Rare Triple Waterspout Spotted After Severe Storms

Triple Waterspout - Feb. 23, 2016
Three so-called tornadic waterspouts were spotted on Feb. 23, 2016, on Lake Pontchartrain near New Orleans. (Image credit: WWL/Screengrab via YouTube)

Severe storms have been hammering the southeastern United States this week, with tornadoes and strong winds tearing through towns from Louisiana to Florida. In New Orleans, stormy weather on Tuesday (Feb. 23) created a unique phenomenon over Lake Pontchartrain: three simultaneous waterspouts whirling across the water.

There are two main categories of waterspouts: fair weather and tornadic, according to NOAA. Fair-weather waterspouts typically develop on the surface of the water and move upward. They tend not to move much, and aren't generally associated with thunderstorms, NOAA said.

Tornadic waterspouts, on the other hand, behave similarly to land tornadoes: They develop downward and can migrate. The waterspouts spotted earlier this week were likely of the tornadic variety —one main tornado developed first, followed by two satellite tornados, reported The Washington Post. However, that particular storm did not produce any other tornadoes, according to AL.com, and the three waterspouts seen over Lake Pontchartrain did not make landfall. [Weirdo Weather: 7 Rare Weather Events]

The formation of any tornado is associated with supercell thunderstorms, which are storms with deep rotating updrafts, or mesocyclones, according to National Geographic. However, not all supercells produce tornadoes. In fact, the events surrounding tornado formation remain mysterious, and scientists "still don't know why some thunderstorms create tornadoes while others don't," legendary storm chaser Tim Samaras told National Geographic in 2013. (Samaras and two other members of his storm-research team were killed in May 2013 by a violent tornado in El Reno, Oklahoma.)

Tornadoes are notoriously difficult to predict, because they can form so quickly and can move erratically. The average warning time for a tornado is 13 minutes, reported National Geographic.

Researchers do know that high relative humidity, wind changes in the lower atmosphere and a specifically placed downdraft are necessary ingredients to create a tornado. Temperature also plays a crucial role, according to National Geographic. Cold, dry air must lie above warm, moist air to generate a tornado. The warm air will rise rapidly, and the changing winds in a supercell will rotate the updraft. The process is finicky, though, and if the air is too cold it can choke the inflow of new air and kill the tornado, reported National Geographic.

Satellite tornadoes are a weather phenomenon in which smaller tornadoes rotate around a central, primary tornado, all interacting with the same mesocyclone. In other circumstances, a tornado can have several vortices inside of the main vortex, but these are much harder to see with the naked eye, according to NOAA. These weather events are all distinguishable from tornado outbreaks, in which multiple tornadoes originate from separate supercells.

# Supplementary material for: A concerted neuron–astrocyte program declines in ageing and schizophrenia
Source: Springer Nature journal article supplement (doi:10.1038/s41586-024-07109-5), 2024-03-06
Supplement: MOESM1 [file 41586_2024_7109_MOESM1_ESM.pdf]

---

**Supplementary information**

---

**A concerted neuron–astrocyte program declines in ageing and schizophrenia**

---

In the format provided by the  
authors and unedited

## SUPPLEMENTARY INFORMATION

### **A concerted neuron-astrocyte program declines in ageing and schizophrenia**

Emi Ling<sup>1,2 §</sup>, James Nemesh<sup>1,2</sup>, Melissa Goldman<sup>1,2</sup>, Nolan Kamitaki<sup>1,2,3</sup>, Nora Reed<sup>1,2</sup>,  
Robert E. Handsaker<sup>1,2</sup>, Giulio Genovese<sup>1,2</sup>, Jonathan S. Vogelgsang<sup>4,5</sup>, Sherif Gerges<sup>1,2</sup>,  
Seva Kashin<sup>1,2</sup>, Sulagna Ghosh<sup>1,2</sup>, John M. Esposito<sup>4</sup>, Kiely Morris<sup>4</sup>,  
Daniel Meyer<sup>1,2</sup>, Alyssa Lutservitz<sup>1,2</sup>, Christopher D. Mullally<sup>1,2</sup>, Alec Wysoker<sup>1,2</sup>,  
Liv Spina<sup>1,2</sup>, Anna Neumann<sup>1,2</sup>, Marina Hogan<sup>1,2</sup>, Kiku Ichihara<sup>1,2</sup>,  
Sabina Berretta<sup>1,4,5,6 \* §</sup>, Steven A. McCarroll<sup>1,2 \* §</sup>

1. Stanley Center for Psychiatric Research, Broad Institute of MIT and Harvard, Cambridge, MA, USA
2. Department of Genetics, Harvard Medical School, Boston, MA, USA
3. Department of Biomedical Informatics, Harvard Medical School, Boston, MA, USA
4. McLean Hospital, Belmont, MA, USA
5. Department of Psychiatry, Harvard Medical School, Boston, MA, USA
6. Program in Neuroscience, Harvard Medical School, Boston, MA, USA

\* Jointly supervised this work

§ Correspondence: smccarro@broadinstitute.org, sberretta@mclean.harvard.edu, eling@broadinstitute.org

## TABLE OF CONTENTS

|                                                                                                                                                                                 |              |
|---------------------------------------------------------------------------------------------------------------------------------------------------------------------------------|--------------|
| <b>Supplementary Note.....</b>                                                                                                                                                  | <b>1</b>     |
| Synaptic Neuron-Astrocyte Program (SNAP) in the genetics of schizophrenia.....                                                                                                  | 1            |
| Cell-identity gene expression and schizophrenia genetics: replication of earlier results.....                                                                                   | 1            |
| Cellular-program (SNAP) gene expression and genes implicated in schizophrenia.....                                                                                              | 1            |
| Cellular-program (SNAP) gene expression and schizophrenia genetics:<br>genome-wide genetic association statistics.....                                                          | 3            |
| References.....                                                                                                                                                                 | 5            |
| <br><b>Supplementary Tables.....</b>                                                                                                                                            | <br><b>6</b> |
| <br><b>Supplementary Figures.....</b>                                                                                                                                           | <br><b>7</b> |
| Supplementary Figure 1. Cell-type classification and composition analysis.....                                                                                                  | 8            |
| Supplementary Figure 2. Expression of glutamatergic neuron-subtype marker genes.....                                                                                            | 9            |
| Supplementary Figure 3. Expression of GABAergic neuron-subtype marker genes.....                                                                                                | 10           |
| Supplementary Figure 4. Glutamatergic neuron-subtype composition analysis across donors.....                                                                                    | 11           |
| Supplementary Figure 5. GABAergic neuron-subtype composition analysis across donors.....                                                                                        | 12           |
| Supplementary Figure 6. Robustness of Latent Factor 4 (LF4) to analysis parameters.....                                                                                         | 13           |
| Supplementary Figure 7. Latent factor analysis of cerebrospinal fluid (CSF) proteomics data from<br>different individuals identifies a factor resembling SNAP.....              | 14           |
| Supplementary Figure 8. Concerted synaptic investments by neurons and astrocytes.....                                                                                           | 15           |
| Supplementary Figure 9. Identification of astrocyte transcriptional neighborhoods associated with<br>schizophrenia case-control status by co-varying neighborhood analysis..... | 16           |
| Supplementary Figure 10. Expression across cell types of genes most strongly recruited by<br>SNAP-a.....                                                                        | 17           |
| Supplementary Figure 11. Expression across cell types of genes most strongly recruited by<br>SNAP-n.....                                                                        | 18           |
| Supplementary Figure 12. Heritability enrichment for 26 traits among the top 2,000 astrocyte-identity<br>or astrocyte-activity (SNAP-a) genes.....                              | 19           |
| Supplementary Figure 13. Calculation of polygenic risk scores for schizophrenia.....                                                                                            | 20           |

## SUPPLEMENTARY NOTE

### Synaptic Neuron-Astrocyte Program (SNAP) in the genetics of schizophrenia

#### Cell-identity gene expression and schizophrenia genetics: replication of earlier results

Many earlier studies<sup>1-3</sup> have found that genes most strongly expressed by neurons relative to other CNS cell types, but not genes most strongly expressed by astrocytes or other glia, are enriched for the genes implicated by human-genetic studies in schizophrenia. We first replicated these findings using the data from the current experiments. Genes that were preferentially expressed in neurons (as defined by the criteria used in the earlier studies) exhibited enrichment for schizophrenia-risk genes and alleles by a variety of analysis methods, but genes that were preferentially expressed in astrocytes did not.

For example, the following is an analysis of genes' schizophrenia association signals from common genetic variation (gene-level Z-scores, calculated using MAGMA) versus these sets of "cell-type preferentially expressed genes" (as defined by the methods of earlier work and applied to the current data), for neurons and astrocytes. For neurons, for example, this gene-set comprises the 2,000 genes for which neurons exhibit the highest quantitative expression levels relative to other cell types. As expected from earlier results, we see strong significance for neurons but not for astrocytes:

Two or more simultaneous tornadoes can be seen if a new tornado spins up before an existing tornado dies, or if a particularly violent storm creates enough turbulence to produce several vortices. But a true satellite tornado is characterized by a peripheral location and because it orbits a primary tornado, according to NOAA's Storm Prediction Center in Norman, Oklahoma.

In June 2014, twin tornadoes struck the small town of Pilger, Nebraska. The Storm Prediction Center reported that such an event was likely to occur only every 10 to 15 years, making this week's Lake Pontchartrain event appear even more rare.

NOAA's Storm Prediction Center issued tornado watches for south Louisiana, Mississippi and parts of Alabama earlier this week. The system proceeded up the East Coast, wreaking havoc in Florida, North Carolina and Virginia. Tornado watches were issued in parts of the Northeast, including in the District of Columbia, Delaware, Maryland, southern New Jersey, southeast Pennsylvania and Northern Virginia.

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Kate Goldbaum
Staff Writer
Kate Goldbaum is a staff writer for Live Science. She fell in love with science while obtaining her degree in Biology from the University of North Carolina at Chapel Hill, and became a high school science teacher so she could work with other curious minds. She frequently contributes stories to the Life’s Little Mysteries series on Live Science, which provides scientific explanations for everyday phenomena, general science topics, and anything that might make your day a bit more interesting.